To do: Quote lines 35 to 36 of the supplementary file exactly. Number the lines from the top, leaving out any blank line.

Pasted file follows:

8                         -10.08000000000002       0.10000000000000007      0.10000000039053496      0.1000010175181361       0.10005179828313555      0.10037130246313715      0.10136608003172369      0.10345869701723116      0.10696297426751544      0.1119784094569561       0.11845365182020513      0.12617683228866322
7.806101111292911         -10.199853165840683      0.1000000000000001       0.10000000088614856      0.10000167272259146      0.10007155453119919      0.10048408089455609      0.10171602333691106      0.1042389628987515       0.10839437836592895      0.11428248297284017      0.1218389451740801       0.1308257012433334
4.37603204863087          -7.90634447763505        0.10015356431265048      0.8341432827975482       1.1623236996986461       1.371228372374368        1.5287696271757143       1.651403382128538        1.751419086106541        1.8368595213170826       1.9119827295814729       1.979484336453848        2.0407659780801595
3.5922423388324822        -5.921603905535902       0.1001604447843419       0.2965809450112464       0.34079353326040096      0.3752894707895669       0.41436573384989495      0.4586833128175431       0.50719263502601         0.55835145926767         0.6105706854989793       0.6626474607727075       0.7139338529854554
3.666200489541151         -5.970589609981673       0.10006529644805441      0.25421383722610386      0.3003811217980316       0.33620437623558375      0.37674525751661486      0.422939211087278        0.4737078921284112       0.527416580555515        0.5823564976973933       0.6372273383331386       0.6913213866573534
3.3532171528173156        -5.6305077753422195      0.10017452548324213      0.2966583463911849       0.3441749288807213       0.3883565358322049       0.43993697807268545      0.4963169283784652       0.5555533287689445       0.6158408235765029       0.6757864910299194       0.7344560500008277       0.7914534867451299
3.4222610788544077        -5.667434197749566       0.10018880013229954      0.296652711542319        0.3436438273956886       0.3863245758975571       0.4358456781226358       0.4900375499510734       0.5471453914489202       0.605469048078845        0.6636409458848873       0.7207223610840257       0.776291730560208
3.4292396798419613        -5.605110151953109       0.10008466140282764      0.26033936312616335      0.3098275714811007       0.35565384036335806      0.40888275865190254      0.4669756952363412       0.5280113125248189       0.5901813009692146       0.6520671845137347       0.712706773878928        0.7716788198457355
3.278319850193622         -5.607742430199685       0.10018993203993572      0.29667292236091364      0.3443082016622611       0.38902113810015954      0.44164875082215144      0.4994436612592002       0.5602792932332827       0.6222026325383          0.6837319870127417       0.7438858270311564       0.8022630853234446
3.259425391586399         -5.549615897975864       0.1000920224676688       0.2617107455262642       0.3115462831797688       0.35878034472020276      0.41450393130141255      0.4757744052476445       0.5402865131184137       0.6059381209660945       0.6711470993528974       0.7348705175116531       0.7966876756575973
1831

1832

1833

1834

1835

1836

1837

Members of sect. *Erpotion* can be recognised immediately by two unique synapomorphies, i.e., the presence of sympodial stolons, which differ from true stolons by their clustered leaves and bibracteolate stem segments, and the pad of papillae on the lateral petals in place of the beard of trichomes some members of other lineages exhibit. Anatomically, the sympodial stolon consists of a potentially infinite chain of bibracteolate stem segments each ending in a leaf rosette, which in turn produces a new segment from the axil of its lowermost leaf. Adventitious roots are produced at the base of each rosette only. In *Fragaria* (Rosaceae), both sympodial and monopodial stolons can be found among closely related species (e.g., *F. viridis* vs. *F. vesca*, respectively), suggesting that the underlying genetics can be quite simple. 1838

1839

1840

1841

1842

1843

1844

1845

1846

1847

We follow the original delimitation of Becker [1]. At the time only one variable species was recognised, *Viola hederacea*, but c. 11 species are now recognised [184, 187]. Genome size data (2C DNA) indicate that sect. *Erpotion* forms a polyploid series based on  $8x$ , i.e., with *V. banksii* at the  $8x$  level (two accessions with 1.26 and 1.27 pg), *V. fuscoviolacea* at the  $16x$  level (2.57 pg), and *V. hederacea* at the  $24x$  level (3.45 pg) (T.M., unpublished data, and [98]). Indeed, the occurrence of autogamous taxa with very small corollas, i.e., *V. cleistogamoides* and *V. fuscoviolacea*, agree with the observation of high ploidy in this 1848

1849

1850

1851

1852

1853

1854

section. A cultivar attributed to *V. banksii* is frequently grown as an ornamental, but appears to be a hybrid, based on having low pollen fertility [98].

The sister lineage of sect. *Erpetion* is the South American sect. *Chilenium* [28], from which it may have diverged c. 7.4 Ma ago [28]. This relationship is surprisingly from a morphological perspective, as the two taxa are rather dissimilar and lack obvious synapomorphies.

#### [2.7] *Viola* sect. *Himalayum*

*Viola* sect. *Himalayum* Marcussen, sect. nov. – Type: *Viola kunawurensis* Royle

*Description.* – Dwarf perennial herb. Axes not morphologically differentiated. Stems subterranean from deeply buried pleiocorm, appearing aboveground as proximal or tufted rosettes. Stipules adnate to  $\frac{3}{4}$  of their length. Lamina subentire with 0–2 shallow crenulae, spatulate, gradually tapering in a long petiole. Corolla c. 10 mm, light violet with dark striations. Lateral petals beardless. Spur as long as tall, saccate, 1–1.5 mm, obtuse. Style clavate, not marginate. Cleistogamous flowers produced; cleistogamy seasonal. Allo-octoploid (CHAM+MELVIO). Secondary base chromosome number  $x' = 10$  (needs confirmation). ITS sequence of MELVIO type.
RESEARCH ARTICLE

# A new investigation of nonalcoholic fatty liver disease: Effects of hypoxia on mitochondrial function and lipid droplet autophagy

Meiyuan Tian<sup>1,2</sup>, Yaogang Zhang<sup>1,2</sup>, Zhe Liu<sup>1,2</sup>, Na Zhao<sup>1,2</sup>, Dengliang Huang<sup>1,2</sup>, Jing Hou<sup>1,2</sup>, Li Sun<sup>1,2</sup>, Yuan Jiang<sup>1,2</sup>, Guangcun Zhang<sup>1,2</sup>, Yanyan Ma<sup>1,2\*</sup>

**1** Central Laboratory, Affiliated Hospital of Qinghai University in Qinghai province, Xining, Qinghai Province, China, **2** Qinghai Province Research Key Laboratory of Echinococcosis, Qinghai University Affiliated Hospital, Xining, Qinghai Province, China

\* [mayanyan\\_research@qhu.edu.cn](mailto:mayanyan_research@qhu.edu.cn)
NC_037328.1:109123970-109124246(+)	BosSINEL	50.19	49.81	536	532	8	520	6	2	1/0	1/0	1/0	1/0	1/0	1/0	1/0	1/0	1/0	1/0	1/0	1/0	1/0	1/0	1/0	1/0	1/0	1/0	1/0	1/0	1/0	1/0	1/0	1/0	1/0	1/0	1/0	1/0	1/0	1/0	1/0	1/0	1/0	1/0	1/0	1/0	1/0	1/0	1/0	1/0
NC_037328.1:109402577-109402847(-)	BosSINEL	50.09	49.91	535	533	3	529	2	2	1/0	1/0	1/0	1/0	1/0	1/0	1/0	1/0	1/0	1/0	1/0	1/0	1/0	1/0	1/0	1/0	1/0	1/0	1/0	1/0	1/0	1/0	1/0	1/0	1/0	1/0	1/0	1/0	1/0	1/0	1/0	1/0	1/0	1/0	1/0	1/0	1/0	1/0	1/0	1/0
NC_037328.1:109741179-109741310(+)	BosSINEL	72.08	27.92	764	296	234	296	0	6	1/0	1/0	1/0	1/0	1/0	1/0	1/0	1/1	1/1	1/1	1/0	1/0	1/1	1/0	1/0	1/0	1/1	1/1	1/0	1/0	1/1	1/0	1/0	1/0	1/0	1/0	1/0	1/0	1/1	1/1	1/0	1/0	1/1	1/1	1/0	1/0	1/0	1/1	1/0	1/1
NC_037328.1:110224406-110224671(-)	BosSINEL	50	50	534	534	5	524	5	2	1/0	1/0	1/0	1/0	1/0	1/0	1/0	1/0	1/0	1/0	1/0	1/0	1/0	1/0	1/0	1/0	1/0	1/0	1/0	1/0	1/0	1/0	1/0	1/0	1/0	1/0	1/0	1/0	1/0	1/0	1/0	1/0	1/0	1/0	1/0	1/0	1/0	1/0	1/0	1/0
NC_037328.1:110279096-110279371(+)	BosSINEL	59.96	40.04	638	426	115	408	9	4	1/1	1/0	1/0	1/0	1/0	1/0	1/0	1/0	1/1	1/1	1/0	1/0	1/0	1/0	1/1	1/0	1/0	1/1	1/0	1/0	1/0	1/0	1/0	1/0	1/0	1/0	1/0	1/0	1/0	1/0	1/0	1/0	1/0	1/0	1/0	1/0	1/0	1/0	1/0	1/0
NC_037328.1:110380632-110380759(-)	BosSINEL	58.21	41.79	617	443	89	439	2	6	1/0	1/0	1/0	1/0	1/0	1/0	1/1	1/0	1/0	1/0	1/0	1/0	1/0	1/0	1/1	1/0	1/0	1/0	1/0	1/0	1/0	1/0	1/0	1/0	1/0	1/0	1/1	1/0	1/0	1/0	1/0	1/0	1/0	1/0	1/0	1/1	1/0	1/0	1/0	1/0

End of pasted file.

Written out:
section. A cultivar attributed to *V. banksii* is frequently grown as an ornamental, but appears to be a hybrid, based on having low pollen fertility [98].

The sister lineage of sect. *Erpetion* is the South American sect. *Chilenium* [28], from which it may have diverged c. 7.4 Ma ago [28]. This relationship is surprisingly from a morphological perspective, as the two taxa are rather dissimilar and lack obvious synapomorphies.